Q: Will costs be passed on to consumers?

A: No! Polluters Pay is intentionally designed to avoid passing costs on to consumers. Since we are only targeting the largest fossil fuel corporations, they will still have to compete with other companies and thus will not be able to raise their prices. We are also only targeting these companies for harm already caused, asking them to contribute profits already earned, so it should not affect prices going forward–in fact, it would require illegal collusion for these companies to pass on any of the costs of Polluters Pay to consumers.


Q: How much money would this generate? Where would that money go?

A: We estimate that Polluters Pay will raise $75 billion over the next 25 years, creating a significant Climate Superfund for climate adaptation projects. The funds raised will help prepare our cities and towns for the impacts of climate change, from sea level rise and flooding to drought and extreme heat.


Q: How is this different from carbon pricing?

A: Polluters Pay is a one time fee, while carbon pricing would continue indefinitely. Carbon pricing is a market-based solution that would put a price on each unit of carbon dioxide emitted into the air. Most prices on carbon would apply across the board, rather than targeting the largest fossil fuel companies. That makes prices on carbon easy to pass onto consumers. Polluters Pay doesn’t put a price on future emissions, but instead asks big polluters to pay a fee based on their share of historic emissions. This is easier to implement and ensures that the costs are borne by the largest fossil fuel companies, rather than the public at large.


Q: Is there any precedent for this?

A: The principle behind Polluters Pay follows clear precedent in environmental regulation. It is employed in all of the major US pollution control laws: Clean Air Act, Clean Water Act, Resource Conservation and Recovery Act (solid waste and hazardous waste management), and Superfund (cleanup of abandoned waste sites). Some eco-taxes underpinned by the polluter pays principle include the Gas Guzzler Tax for motor vehicles; Corporate Average Fuel Economy (CAFE), a "polluter pays" fine; and the Superfund law requiring polluters to pay for cleanup of hazardous waste sites, when the polluters can be identified. Polluters Pay would set up a similar climate superfund to support adaptation efforts statewide.


Q: Which companies would be covered by Polluters Pay?

A: The plan targets the top polluters statewide. Even as climate costs rise, fossil fuel profits soar. The payors into the Polluters Pay Climate Fund will be U.S.-based fossil fuel extractors and oil refiners and those foreign-owned companies doing business in the U.S. that were responsible for at least 0.05% of the total carbon dioxide and methane gas emissions between January 1, 2000 and December 31, 2019. This will limit the total number of payors to the biggest polluters, with those who polluted the most paying the most.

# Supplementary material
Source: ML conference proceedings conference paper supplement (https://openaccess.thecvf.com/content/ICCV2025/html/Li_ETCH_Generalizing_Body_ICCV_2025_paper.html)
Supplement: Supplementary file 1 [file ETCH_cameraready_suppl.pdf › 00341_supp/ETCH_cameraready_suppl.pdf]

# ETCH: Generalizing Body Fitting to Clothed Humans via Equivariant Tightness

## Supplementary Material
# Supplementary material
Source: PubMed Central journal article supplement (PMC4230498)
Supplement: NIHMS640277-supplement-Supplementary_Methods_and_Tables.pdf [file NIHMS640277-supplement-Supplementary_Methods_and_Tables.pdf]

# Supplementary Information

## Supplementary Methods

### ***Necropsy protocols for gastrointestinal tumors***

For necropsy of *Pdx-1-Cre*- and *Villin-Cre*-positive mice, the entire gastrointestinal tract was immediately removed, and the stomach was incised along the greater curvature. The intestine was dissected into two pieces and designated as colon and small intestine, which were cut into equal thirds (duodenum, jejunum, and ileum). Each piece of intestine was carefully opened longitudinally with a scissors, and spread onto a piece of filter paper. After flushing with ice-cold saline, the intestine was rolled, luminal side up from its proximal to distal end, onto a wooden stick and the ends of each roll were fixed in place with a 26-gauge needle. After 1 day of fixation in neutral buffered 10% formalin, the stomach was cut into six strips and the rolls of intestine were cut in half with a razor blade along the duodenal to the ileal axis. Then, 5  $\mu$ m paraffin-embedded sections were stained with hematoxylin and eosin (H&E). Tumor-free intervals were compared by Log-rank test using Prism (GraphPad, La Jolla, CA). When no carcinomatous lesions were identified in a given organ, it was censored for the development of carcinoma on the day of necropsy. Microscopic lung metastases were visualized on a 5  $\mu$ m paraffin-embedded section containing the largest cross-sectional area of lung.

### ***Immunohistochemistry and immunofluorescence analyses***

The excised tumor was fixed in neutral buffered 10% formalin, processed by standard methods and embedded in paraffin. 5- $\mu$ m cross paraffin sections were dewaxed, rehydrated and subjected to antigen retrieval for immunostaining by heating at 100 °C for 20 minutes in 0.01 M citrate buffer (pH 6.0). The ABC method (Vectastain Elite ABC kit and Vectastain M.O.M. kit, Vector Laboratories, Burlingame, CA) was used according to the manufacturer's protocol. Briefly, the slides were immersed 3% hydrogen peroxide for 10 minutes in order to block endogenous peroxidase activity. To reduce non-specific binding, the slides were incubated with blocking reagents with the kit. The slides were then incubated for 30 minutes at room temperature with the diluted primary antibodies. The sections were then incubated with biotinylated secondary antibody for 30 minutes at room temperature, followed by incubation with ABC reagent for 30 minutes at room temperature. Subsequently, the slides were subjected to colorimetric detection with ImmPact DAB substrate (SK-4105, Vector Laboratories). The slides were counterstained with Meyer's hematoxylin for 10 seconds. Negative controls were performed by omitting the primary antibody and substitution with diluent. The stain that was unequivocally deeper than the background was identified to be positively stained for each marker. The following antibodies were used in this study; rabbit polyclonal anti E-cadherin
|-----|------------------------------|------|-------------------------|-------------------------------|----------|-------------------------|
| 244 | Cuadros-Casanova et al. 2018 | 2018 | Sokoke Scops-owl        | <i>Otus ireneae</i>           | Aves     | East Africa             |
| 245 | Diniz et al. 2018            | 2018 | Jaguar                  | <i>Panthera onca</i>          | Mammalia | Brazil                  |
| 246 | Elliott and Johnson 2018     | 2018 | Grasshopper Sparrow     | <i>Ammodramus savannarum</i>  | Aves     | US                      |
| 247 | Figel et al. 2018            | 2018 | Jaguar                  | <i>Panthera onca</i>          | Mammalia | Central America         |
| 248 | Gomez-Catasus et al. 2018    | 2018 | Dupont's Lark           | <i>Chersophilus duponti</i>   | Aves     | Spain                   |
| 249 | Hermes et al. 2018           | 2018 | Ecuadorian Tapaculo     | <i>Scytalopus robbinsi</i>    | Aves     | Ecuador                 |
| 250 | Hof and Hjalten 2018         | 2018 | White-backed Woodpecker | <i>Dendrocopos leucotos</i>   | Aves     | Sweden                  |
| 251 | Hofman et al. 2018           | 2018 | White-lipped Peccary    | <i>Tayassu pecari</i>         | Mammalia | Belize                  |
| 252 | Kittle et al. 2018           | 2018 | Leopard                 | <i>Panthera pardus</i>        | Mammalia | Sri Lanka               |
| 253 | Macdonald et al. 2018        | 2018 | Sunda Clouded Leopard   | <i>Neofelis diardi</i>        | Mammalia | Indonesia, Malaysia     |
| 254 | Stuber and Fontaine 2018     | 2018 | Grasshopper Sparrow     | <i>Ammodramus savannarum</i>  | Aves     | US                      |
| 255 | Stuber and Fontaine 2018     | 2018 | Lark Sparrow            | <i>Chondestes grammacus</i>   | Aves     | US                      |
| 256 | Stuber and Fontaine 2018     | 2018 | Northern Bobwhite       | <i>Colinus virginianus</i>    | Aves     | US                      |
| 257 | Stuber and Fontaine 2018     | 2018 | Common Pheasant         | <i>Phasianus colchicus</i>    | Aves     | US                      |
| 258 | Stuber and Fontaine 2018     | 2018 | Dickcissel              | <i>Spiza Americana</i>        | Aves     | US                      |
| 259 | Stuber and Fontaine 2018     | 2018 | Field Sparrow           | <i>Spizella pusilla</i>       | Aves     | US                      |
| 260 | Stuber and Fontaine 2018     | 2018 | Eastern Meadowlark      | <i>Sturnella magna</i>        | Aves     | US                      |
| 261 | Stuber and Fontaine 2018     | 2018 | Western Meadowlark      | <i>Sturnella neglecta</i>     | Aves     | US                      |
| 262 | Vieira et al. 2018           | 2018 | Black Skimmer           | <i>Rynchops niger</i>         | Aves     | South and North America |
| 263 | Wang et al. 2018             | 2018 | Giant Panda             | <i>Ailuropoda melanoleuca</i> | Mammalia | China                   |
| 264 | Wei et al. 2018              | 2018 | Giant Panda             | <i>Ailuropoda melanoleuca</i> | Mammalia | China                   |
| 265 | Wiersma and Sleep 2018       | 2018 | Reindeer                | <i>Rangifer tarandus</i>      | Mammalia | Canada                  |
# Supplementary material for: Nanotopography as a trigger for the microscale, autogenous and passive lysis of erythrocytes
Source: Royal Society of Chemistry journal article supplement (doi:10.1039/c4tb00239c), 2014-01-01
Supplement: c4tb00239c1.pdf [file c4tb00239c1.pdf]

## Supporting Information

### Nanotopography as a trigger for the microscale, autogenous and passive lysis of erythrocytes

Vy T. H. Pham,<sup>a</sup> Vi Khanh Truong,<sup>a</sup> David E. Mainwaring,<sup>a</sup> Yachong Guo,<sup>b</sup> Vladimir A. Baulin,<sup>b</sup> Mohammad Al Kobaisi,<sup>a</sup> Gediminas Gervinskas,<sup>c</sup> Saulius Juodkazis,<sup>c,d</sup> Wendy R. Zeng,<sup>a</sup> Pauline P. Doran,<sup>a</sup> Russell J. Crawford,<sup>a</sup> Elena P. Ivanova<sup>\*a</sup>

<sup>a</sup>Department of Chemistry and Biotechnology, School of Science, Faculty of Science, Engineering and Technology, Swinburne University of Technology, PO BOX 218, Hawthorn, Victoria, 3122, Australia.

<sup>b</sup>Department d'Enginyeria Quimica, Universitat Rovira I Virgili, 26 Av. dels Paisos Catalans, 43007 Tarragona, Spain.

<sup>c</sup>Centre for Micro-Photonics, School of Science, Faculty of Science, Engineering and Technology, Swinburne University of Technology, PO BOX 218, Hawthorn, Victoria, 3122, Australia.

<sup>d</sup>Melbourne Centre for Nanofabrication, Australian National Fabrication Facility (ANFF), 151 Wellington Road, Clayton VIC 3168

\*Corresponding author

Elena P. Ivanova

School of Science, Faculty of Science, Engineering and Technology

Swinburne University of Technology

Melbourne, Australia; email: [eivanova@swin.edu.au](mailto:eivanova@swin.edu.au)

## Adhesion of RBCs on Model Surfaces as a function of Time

Q: What’s the chance that this could actually happen?

A: This effort is part of a nationwide campaign with deep local support to fund climate change adaptation with fossil fuel profits. Over 76% of Americans believe that fossil fuel companies should pay for the harm they have caused. Similar campaigns are taking place in Maryland and Vermont, modeled on legislation introduced in the New York Assembly last session. Legislation is being reintroduced on the federal level by Senators Van Hollen, Sanders, Markey, Whitehouse, Warren, and Merkley. Between the state and federal campaigns, we will make the largest polluters pay the biggest cost for the impacts of climate change.


Q: Why is this important?

A: This fund will be crucial as Massachusetts bears rapidly mounting climate costs. Catastrophe modeling shows a major hurricane in Massachusetts in coming years could cause up to $72 billion in damages. In addition, costs just from flooding property damages statewide will likely be in excess of $60 million a year by 2050. These are far from the only climate impacts that will take serious tolls on our state’s health and wealth. Extreme heat, drought, and unprecedentedly severe weather will add to the toll. We must be prepared and ensure that the responsibility for handling this cost is not passed on to our most vulnerable residents, but is instead paid by those who contributed the most to causing it.